A Writer Becomes An Orphan

On November 27, 2012 at 2:25pm, the man who called me “Bugsy” took his last gasp. I can’t really call it a breath.

Silhouettes of trees in gray on a misty day of autumnImage courtesy of FREEBigPictures.com

It wasn’t extraordinary, but the manner in which the air left his body was. Maybe someone would say that the sound had the “air of finality.” Or maybe that he vanished on the tail of that last wisp of breath, his spirit struggling to escape through such a slim aperture.

His breathing had slowed over a period of minutes, until he gasped every 10 to 15 seconds. I sat sideways in the lift chair next to the bed near his shoulder, stroking his left hand, the one that wouldn’t lay flat after he broke his wrist 20 years ago. The wrist that, conversely, would not let the hand curl around the neck of his banjo. The hand with the lopped off pinky finger from the time he gave a young nephew–an overeager teenager with an itchy trigger finger–a job running the logsplitter. The once sun-leathered farmer’s hand now pale and mottled with colors ranging from cinnamon to eggplant. The hand that no longer squeezed mine back.

His exhale ended in a tiny squeak, something you could imagine coming from a mouse.

But that’s not it exactly. More like a tiny puff of air being pushed through a layer of Saran Wrap lined with moisture.

Not a gurgle. Not the death rattle that so many talk about. Not the air burped out of a Tupperware container. Ridiculous!  Cue the laughter. Maybe the tail end of a wheeze from an asthmatic? The sound that comes from between my own lips when I try to exhale every last molecule from my lungs–but not as forced?

This struggle defines my existence.

Now that I am no longer lost in the timber of grief, I grasp at ghosts that are not my father, searching for the right way, an elegant way, to describe that sound, to find THE THING that makes that sound.

My father may rest in peace, but I will not.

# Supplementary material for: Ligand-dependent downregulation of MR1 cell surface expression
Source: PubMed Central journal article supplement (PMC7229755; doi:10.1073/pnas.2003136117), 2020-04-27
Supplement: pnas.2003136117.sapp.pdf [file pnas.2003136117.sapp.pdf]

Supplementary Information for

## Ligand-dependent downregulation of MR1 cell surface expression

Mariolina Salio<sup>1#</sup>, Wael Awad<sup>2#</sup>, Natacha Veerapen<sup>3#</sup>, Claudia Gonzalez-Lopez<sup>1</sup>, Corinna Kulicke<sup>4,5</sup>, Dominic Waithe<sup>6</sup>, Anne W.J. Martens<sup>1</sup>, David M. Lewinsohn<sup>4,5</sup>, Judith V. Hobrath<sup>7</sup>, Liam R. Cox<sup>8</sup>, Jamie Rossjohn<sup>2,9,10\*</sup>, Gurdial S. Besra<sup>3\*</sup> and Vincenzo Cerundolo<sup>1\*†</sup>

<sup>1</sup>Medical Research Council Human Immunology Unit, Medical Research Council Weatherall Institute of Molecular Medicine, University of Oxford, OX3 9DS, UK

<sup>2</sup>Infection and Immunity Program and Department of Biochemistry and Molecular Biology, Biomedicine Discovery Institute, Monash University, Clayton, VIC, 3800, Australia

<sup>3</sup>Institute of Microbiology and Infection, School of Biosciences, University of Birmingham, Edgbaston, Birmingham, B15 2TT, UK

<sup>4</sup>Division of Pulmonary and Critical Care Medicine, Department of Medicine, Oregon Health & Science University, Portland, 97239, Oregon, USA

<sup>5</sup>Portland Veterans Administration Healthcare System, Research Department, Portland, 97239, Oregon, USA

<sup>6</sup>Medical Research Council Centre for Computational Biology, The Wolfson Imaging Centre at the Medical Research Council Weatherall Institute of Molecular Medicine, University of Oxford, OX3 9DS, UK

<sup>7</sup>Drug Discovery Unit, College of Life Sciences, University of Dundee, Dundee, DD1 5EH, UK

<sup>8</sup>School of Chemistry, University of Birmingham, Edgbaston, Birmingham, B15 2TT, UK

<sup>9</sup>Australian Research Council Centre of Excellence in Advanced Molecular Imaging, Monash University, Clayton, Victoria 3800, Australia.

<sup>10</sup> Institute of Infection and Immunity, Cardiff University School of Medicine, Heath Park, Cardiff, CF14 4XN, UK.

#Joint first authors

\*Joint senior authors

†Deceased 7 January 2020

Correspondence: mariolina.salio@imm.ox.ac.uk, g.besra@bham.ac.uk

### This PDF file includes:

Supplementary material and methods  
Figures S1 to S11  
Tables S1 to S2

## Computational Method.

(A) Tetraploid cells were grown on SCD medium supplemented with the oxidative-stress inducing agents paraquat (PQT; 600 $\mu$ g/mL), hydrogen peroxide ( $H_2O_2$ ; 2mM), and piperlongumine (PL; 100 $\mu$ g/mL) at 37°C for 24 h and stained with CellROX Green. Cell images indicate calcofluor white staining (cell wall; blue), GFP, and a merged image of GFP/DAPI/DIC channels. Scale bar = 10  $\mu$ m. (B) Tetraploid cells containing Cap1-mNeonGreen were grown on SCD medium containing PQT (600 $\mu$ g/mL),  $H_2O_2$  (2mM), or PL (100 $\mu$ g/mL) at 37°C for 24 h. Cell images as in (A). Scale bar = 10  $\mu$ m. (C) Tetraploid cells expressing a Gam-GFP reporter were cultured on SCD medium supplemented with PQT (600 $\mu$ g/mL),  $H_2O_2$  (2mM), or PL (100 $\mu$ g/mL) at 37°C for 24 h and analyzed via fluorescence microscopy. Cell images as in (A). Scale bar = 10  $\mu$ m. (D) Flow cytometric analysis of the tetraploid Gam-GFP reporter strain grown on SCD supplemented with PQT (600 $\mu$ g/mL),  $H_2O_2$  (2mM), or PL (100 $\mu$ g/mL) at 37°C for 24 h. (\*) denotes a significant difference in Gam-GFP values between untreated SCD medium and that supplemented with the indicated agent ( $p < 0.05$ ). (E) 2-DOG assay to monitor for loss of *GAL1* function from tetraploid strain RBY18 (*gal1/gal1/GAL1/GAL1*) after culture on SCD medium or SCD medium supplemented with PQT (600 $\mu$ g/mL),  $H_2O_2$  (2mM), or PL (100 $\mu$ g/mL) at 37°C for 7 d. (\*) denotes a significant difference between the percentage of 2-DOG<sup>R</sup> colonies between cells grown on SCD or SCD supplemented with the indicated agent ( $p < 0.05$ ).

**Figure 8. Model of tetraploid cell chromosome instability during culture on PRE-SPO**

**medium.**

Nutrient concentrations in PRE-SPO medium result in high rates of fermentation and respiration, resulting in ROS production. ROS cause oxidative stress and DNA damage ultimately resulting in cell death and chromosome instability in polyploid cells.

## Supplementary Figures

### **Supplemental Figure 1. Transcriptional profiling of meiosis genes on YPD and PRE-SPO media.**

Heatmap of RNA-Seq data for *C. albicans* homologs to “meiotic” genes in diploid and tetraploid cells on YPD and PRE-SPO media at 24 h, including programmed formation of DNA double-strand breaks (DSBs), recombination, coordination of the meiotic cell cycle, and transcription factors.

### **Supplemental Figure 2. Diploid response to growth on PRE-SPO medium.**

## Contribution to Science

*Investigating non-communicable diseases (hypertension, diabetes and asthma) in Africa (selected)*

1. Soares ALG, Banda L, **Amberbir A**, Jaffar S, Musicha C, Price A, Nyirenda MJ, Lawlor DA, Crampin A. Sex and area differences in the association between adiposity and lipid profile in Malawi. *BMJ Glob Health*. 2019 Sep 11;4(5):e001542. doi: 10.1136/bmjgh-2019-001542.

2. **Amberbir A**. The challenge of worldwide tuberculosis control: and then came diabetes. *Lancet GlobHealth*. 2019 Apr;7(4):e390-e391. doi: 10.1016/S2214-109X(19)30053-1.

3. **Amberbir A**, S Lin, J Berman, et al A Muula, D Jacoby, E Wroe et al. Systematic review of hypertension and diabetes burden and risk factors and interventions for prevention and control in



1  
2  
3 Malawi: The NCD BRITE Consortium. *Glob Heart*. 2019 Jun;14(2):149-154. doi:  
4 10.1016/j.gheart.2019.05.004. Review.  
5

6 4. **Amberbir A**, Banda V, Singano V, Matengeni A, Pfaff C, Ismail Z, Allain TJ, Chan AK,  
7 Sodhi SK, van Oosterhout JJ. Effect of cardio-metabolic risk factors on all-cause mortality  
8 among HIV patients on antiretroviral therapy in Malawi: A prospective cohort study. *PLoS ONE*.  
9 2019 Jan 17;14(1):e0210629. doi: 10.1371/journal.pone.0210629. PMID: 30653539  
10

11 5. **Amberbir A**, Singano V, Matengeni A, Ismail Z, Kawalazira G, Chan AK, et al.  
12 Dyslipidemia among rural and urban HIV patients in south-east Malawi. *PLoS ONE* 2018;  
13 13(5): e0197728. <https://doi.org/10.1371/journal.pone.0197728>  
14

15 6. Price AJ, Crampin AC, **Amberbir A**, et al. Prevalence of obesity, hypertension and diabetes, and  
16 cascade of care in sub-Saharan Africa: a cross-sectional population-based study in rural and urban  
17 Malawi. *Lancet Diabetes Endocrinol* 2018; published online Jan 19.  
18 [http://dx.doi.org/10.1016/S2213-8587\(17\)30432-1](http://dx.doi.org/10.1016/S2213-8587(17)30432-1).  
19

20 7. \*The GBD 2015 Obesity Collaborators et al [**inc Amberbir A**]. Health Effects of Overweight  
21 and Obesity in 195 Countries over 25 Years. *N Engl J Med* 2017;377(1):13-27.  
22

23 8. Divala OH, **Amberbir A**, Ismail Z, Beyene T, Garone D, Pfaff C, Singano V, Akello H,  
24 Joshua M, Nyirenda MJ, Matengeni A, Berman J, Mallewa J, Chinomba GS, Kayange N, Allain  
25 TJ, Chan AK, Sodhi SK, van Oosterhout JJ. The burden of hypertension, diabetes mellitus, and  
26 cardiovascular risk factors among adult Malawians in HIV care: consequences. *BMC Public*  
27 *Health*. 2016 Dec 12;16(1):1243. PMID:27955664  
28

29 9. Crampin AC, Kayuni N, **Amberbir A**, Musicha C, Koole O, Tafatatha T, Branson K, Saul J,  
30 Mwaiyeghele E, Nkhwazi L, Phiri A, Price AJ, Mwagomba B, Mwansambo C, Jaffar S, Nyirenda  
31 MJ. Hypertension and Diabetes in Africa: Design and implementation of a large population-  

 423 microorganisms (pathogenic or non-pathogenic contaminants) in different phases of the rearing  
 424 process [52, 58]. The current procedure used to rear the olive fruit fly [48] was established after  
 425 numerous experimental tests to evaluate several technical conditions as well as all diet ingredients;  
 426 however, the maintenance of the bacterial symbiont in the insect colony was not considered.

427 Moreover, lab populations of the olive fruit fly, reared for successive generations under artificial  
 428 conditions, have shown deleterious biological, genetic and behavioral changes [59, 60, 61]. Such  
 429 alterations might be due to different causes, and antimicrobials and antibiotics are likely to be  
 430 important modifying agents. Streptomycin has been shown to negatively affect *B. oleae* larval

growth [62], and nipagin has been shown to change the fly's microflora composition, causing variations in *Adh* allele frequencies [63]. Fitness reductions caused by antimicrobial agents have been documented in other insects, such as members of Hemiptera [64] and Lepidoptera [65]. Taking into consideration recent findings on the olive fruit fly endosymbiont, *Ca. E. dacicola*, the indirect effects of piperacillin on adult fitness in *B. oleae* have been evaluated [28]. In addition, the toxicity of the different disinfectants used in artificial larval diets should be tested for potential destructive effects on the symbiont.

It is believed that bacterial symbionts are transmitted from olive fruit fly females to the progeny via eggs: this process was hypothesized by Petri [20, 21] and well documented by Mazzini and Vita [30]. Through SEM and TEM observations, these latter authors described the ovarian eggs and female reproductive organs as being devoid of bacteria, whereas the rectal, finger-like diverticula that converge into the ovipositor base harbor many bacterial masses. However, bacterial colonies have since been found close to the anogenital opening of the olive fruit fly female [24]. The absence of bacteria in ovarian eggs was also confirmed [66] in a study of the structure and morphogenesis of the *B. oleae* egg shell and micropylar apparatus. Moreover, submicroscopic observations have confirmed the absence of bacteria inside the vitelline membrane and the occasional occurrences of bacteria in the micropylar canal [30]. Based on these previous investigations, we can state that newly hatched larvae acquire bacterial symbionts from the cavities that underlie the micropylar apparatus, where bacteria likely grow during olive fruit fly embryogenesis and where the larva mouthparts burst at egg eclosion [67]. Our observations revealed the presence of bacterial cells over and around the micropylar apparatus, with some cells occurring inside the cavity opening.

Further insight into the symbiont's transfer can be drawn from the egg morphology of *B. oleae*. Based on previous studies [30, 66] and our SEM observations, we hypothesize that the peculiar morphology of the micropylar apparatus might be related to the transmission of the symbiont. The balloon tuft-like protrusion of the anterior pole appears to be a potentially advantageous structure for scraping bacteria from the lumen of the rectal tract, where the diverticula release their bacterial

9 thoughts on “A Writer Becomes An Orphan

    • Jilanne Hoffmann says:

      Thanks, Mike. Dad was really ready to leave this world, so I can’t feel bad for him. Sadness is for those left behind. I kinda like to think that he’s enjoying a second honeymoon with Mom,one that won’t be cut short by World War II. My Dad came home on leave for three days to marry my Mom and then went to Europe on the Queen Mary troopship. They didn’t see each other for two years..Mom died four years ago, and he missed his “dear heart” of 65 years terribly. They’re snuggling somewhere,now, having a beer and playing bridge. Or else she’s moving rocks around to improve the celestial landscape, and he’s driving the tractor. :o)

    • Jilanne Hoffmann says:

      Thanks, Laurel. Your writing, especially regarding your own familial tragedy, has moved me to tears. But now I laugh to think how appropriate one of my father’s sayings is for us: “I’m hangin’ in there,” he would say whenever asked about his health. Maybe that should be the writer’s motto for when we’re asked “How are things going?”

  1. mskatykins says:

    Jilanne, I am so sorry to read this, how awful. I hope that writing about it has brought you some comfort at what must be a terribly upsetting time. You take care of yourself. Big hugs. x

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